O Pioneers! by Willa Cather (1913) – a review
By Taylor Jasmine | On | Comments (0)
A Novel Without A Hero: O Pioneers! by Willa Cather from the original review in the New York Times, September, 1913: The hero of the American novel very often starts on the farm, but he seldom stays there; instead he uses it as a spring-board form which to plunge into the mysteries of politics or finance.
Probably the novel reflects a national tendency. To be sure, after we have carefully separated ourselves from the soil, we are apt to talk a lot about the advantages of a return to it, but in most cases it ends there. The average American does not have any deep instinct for the land, or vital consciousness of the dignity and value of the life that may be lived upon it.
The struggle with the untamed land
O Pioneers! is filled with this instinct and this consciousness. It is a tale of the old wood-and-field worshipping races, Swedes and Bohemians, transplanted to Nebraskan uplands, of their struggle with the untamed soil, and their final conquest of it. Miss Cather has written a good story, we hasten to assure the reader who cares for good stories, but she has achieved something finer.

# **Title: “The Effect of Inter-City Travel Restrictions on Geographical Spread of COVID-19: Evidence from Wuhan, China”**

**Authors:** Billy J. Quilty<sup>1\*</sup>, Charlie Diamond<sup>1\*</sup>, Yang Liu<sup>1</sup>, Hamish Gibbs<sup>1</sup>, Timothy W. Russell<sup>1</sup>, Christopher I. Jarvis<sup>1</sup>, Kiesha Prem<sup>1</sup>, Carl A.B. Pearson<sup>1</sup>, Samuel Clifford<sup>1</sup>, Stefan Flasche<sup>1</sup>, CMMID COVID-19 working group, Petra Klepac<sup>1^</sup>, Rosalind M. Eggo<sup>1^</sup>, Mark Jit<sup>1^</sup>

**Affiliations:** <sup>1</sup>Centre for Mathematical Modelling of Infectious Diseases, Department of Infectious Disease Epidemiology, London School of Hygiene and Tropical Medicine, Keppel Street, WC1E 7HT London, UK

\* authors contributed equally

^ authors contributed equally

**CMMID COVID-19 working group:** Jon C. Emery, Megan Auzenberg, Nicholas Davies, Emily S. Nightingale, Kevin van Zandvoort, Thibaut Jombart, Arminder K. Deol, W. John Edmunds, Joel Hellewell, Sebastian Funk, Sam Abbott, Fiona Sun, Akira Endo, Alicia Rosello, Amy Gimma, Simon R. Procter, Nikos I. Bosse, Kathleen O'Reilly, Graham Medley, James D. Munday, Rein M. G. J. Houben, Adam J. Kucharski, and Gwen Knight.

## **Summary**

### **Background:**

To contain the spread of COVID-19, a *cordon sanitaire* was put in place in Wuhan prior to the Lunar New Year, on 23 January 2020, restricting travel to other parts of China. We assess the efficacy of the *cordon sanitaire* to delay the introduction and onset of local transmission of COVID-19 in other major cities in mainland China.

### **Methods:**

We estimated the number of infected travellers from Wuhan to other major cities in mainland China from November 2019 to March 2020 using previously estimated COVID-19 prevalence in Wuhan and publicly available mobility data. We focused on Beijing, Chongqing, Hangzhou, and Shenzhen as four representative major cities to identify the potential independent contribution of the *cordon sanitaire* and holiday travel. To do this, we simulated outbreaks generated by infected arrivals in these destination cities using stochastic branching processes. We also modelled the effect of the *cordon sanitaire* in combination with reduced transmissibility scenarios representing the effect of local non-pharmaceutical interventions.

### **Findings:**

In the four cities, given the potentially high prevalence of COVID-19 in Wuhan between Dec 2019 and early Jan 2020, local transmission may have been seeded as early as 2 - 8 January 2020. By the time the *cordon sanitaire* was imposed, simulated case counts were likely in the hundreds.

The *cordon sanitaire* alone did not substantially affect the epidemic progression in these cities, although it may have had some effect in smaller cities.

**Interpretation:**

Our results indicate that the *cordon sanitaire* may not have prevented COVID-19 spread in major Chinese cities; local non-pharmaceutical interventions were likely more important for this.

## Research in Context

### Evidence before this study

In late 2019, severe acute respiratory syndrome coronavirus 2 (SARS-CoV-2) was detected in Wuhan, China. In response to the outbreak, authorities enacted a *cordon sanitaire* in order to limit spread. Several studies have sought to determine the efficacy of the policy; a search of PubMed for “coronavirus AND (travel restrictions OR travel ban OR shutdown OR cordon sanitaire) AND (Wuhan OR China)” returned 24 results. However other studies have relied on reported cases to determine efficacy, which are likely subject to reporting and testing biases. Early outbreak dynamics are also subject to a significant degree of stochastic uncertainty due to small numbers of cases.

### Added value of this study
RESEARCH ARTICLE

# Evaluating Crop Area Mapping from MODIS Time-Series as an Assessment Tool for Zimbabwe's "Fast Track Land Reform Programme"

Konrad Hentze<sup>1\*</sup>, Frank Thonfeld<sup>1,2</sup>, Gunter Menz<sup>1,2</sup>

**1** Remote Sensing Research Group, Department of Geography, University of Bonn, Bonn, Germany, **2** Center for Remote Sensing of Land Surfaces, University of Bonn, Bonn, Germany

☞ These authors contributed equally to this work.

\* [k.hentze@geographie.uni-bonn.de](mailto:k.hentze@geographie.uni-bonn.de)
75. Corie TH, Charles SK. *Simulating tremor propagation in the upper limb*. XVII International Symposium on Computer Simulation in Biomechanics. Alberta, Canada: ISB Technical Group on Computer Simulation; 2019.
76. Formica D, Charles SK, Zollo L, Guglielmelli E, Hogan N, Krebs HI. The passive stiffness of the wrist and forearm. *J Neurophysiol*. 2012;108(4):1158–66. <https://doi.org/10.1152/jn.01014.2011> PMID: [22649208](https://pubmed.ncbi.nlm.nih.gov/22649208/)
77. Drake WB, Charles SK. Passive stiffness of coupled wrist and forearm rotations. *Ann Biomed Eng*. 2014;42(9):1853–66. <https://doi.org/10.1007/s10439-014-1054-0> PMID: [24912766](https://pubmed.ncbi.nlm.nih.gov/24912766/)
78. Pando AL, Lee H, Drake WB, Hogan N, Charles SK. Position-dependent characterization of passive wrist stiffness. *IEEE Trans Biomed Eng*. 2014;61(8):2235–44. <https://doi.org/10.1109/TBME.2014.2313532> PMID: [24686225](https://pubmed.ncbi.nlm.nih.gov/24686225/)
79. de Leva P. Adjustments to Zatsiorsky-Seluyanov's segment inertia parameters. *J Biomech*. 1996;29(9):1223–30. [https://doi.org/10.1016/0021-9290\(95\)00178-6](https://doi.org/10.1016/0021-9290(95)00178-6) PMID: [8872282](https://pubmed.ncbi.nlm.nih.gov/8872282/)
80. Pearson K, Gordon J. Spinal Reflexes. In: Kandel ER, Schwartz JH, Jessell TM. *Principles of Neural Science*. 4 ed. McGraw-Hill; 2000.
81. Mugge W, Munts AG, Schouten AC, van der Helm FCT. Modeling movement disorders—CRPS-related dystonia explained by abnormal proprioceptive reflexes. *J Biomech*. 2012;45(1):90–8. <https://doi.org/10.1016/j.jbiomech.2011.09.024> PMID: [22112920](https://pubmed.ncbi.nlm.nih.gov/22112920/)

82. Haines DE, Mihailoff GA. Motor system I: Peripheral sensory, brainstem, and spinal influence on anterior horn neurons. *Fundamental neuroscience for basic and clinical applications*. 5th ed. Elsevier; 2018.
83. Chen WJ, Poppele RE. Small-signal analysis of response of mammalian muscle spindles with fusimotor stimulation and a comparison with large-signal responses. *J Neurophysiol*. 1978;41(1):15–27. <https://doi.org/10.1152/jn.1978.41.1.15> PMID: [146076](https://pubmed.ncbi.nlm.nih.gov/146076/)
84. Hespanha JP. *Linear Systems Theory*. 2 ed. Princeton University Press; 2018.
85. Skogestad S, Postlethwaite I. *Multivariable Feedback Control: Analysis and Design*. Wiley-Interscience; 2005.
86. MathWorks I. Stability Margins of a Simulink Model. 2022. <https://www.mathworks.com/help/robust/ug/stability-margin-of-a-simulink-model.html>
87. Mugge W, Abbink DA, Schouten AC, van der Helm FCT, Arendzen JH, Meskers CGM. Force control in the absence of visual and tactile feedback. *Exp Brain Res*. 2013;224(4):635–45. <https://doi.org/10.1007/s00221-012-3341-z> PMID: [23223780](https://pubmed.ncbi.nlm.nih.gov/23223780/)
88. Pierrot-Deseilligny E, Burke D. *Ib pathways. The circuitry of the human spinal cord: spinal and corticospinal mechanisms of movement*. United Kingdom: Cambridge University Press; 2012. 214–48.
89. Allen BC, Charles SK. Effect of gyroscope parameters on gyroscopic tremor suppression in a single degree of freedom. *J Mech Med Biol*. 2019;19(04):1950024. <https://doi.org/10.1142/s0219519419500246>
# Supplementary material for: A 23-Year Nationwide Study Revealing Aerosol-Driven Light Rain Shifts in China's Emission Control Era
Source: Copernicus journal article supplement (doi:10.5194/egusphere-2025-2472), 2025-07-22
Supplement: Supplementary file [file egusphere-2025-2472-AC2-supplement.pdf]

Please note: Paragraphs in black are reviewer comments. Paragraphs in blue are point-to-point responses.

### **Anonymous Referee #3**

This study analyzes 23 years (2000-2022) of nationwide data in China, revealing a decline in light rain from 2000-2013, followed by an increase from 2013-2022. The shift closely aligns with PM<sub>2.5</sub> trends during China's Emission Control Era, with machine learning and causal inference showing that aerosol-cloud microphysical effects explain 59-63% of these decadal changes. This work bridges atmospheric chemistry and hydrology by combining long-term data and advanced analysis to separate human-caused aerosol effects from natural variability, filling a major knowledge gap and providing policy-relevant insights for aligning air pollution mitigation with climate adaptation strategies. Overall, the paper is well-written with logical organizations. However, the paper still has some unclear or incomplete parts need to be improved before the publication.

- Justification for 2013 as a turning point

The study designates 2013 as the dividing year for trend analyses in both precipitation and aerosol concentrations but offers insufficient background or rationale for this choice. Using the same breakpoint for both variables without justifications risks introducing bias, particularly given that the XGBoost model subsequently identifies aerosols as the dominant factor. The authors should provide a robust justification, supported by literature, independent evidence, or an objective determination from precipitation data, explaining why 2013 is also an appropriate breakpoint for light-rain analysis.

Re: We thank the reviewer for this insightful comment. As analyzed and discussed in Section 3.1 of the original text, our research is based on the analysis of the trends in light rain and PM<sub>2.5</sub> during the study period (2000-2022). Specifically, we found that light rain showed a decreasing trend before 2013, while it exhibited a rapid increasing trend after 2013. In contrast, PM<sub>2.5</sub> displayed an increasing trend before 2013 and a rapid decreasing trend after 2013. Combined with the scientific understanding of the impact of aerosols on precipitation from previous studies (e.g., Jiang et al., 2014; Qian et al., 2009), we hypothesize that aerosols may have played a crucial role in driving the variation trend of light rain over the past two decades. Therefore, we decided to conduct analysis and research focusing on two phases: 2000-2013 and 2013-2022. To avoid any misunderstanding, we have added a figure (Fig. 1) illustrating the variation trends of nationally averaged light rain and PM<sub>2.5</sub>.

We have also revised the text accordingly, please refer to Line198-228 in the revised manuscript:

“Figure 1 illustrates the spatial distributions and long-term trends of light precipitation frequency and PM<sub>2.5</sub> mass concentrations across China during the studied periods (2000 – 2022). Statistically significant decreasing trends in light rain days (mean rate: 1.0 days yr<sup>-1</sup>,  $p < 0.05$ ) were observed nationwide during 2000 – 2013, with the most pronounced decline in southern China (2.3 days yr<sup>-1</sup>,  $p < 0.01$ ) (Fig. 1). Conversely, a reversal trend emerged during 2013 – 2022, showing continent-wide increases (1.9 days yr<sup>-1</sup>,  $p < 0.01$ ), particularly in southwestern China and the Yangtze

Through a direct, human tale of love and struggle and attainment, a tale that is American in the best sense of the word, there runs a thread of symbolism. It is practically a novel without a hero. There are men in it, but the interest centers in two women — not rivals, but friends, and more especially in the splendid blonde farm-woman, Alexandra.
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The great feminine
In this new mythology, which is the old, the goddess of fertility once more subdues the barren and stubborn earth. Possibly some might call it a feminist novel, for the who heroines are stronger, cleverer, and better balanced than their husbands and brothers — but we are sure Miss Cather had nothing so inartistic in mind. It is a natural growth, feminine because it is only an expansion of the very essence of femininity.
Instead of calling O Pioneers! a novel without a hero it might be more accurate to call it a novel with three heroines — Alexandra, the harvest-goddess, Marie, poor little spirit of love and youth snatched untimely former poppy-fields, and the Earth itself, patient and bountiful source of all things.
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